Turner contends that the complaint does not plead a veil-piercing claim even when measured against the more liberal pleading requirements of Rule 8. The complaint, however, contains sufficient non-conclusory allegations to survive the motion to dismiss. In terms of the non-exhaustive factors considered by Colorado courts to assess alter ego status, the plaintiff has alleged facts that relate to at least four of the eight factors. Specifically, Time Warner has alleged that Turner commingled funds and assets by siphoning profits from TMG to the other corporations and by transferring Networks' intellectual property to the Televisual Entities. Moreover, the plaintiff alleges that Turner transferred the funds from TMG in order to render TMG judgment proof. Finally, Turner's ownership and control of all of these entities with a small group of family and friends is alleged to have facilitated the misuse of the corporate form to defeat the rightful claims of TMG's creditors.*fn5

These allegations also address the second factor considered by Colorado courts, whether justice requires the piercing of the corporate veil due to a "dominant shareholder's improprieties." In re Phillips, 139 P.3d at 644. Alleging that the shareholder has abused the corporate form to defeat a creditor's rightful claim satisfies the second factor. Id. Finally, these allegations, if proved, are sufficient to show that piercing the corporate veil may assist in achieving equity. Equity may require that Turner be held accountable for his abuses of the corporate form that protected TMG's assets from its creditors and allowed him to jumpstart the Televisual Entities using the same intellectual property previously owned by Networks.

B. The Televisual Entities' Motion to Dismiss

The Televisual Entities have moved to dismiss on the grounds that there is no personal jurisdiction over them, or, if there is, that the plaintiff has failed to state a claim to impose successor liability.

1. Personal Jurisdiction "In order to survive a motion to dismiss for lack of personal jurisdiction, a plaintiff must make a prima facie showing that jurisdiction exists." Penguin Grp. (USA) Inc. v. American Buddha, 609 F.3d 30, 34-35 (2d Cir. 2010) (citation omitted). Where, as here, there has been no discovery, the plaintiff need only make "legally sufficient allegations of jurisdiction" through its pleading and affidavits in order to survive a motion to dismiss. Id. at 35 (citation omitted).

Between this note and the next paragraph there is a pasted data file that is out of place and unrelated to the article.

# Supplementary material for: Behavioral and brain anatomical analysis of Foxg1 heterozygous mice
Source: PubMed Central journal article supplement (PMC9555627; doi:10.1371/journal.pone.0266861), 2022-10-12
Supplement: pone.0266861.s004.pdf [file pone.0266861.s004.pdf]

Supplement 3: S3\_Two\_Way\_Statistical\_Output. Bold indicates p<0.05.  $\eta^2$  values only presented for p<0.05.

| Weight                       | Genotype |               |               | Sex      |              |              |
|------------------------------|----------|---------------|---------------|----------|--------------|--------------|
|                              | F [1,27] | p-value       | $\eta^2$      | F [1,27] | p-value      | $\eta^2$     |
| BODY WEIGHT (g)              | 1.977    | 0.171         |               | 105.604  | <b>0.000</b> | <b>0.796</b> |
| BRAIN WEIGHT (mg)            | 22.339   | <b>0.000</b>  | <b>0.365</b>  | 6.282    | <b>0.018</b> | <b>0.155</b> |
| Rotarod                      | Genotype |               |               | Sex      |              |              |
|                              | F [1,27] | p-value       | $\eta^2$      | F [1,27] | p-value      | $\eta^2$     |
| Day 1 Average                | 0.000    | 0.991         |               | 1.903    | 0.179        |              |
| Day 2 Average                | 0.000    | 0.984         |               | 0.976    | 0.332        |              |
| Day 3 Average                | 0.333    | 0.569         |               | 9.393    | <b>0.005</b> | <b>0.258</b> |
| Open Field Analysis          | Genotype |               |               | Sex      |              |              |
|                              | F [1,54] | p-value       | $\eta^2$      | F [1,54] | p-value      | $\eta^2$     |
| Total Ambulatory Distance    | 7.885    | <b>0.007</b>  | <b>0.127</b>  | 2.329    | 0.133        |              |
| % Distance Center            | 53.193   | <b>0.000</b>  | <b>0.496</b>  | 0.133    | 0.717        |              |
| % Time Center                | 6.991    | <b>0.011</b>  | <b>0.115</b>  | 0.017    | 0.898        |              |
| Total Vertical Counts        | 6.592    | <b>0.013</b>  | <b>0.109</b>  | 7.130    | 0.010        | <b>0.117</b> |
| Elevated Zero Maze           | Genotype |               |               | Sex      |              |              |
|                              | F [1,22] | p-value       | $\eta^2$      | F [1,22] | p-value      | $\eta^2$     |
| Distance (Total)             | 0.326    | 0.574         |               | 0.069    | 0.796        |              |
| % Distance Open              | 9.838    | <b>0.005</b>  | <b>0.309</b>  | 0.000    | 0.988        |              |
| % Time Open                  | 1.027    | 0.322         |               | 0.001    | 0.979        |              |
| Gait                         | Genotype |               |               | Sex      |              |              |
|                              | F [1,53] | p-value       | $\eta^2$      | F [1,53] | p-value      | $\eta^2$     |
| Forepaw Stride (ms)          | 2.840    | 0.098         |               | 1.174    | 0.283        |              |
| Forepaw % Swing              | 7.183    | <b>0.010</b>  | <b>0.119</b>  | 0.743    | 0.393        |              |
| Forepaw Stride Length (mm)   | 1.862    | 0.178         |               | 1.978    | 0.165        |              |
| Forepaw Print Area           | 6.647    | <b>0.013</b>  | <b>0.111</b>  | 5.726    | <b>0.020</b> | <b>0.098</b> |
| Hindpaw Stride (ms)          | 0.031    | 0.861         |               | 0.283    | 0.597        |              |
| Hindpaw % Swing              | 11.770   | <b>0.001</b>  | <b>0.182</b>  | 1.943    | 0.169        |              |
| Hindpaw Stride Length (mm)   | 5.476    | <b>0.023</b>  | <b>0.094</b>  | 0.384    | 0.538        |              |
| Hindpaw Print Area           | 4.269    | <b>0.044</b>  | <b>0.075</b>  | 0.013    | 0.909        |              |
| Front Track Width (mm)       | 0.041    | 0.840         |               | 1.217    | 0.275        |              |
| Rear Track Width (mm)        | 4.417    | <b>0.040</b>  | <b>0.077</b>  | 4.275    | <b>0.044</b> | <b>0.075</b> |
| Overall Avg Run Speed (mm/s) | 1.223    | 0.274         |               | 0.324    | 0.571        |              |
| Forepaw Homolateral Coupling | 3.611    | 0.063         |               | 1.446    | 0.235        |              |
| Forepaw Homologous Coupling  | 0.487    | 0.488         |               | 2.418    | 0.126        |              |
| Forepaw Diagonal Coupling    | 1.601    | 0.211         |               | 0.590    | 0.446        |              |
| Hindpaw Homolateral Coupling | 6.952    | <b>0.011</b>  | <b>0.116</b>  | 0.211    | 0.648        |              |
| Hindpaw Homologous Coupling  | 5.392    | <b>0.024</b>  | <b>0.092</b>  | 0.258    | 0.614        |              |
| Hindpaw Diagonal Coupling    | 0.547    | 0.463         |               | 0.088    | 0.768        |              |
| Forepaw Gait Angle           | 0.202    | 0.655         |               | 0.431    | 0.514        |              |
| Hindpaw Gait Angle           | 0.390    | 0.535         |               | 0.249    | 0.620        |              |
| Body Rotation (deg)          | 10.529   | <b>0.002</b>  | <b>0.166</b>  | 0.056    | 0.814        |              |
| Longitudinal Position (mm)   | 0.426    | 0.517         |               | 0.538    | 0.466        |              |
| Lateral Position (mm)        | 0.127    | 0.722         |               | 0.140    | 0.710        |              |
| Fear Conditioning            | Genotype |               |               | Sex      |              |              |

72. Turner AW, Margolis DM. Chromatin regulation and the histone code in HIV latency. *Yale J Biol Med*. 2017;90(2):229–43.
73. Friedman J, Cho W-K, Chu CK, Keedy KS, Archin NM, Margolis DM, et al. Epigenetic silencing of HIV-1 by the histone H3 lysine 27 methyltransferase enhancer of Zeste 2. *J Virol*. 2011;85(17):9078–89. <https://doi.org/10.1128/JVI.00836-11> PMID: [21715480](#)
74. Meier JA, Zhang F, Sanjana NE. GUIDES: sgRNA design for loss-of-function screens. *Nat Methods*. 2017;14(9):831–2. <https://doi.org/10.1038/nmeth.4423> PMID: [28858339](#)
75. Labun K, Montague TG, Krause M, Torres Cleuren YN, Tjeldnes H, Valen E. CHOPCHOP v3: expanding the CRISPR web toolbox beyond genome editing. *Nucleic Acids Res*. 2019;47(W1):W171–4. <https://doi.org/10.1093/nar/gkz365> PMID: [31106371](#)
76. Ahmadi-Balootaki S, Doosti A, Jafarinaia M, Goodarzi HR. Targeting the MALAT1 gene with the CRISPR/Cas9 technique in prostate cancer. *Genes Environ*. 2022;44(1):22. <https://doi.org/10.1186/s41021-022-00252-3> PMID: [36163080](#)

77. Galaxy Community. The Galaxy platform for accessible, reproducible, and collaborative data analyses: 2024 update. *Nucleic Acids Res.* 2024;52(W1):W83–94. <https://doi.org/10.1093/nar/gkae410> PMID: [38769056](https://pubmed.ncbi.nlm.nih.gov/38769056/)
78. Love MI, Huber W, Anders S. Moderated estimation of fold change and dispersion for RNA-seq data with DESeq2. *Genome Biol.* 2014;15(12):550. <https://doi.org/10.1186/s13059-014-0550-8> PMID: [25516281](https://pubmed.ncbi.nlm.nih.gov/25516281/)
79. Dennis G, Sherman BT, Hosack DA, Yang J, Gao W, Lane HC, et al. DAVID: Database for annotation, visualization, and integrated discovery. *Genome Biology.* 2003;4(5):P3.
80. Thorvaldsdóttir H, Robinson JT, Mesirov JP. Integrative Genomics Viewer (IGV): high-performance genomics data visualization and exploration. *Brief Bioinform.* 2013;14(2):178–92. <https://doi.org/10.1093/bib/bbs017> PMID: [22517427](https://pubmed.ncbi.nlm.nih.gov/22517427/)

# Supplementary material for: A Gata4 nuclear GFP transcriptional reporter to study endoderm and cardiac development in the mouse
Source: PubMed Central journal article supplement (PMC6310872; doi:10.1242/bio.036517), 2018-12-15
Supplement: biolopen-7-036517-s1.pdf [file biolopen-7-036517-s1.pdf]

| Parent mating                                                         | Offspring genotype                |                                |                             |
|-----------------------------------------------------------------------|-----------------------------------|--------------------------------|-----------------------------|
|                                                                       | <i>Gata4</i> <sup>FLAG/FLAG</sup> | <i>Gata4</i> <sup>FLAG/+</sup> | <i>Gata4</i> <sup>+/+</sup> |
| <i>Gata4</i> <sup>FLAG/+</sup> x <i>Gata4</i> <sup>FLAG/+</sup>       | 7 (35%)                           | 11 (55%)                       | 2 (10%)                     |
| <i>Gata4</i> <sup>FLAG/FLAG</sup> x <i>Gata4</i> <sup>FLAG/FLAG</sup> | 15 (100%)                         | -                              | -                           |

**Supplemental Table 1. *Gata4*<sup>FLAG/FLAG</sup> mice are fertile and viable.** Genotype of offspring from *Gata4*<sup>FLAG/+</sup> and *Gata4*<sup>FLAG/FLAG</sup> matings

An allegation of successor liability against an entity whose predecessor is subject to personal jurisdiction can provide personal jurisdiction over the successor entity. Libutti v. United States, 178 F.3d 114, 124-25 (2d Cir. 1999) (discussing personal jurisdiction over successors-in-interest in the context of Fed. R. Civ. P. 25(c)).

[I]t is compatible with due process for a court to exercise personal jurisdiction over an individual or a corporation that would not ordinarily be subject to personal jurisdiction in that court when the individual or corporation is an alter ego or successor of a corporation that would be subject to personal jurisdiction in that court.

Transfield ER Cape Ltd. v. Indus. Carriers, Inc., 571 F.3d 221, 224 (2d Cir. 2009) (quoting Patin v. Thoroughbred Power Boats, 294 F.3d 640, 653 (5th Cir. 2002)).

It is undisputed that TMG and Networks are subject to personal jurisdiction because they agreed to the forum selection clause in the Programming Agreement. Because the plaintiff has stated a claim against the Televisual Entities for successor liability, there is personal jurisdiction over the Televisual Entities.

2. Legal Standard for Successor Liability

Under New York law,*fn6 a corporation that acquires the assets of another is generally not liable for the seller's debts. Aguas Lenders Recovery Grp. v. Suez, S.A., 585 F.3d 696, 702 (2d Cir. 2009). New York recognizes four common law exceptions to this rule: "(1) a buyer who formally assumes a seller's debts; (2) transactions undertaken to defraud creditors; (3) a buyer who de facto merged with a seller; and (4) a buyer that is a mere continuation of a seller." Id. (citation omitted).

The plaintiff essentially argues that its complaint has pleaded a plausible claim that the Televisual Entities are successors of TMG and Networks either as a mere continuation of those companies or through a de facto merger. The de facto merger and continuation exceptions are so similar that some courts consider them as a single exception. See, e.g., Cargo Partner AG v. Albatrans, Inc., 352 F.3d 41, 45 n.3 (2d Cir. 2003).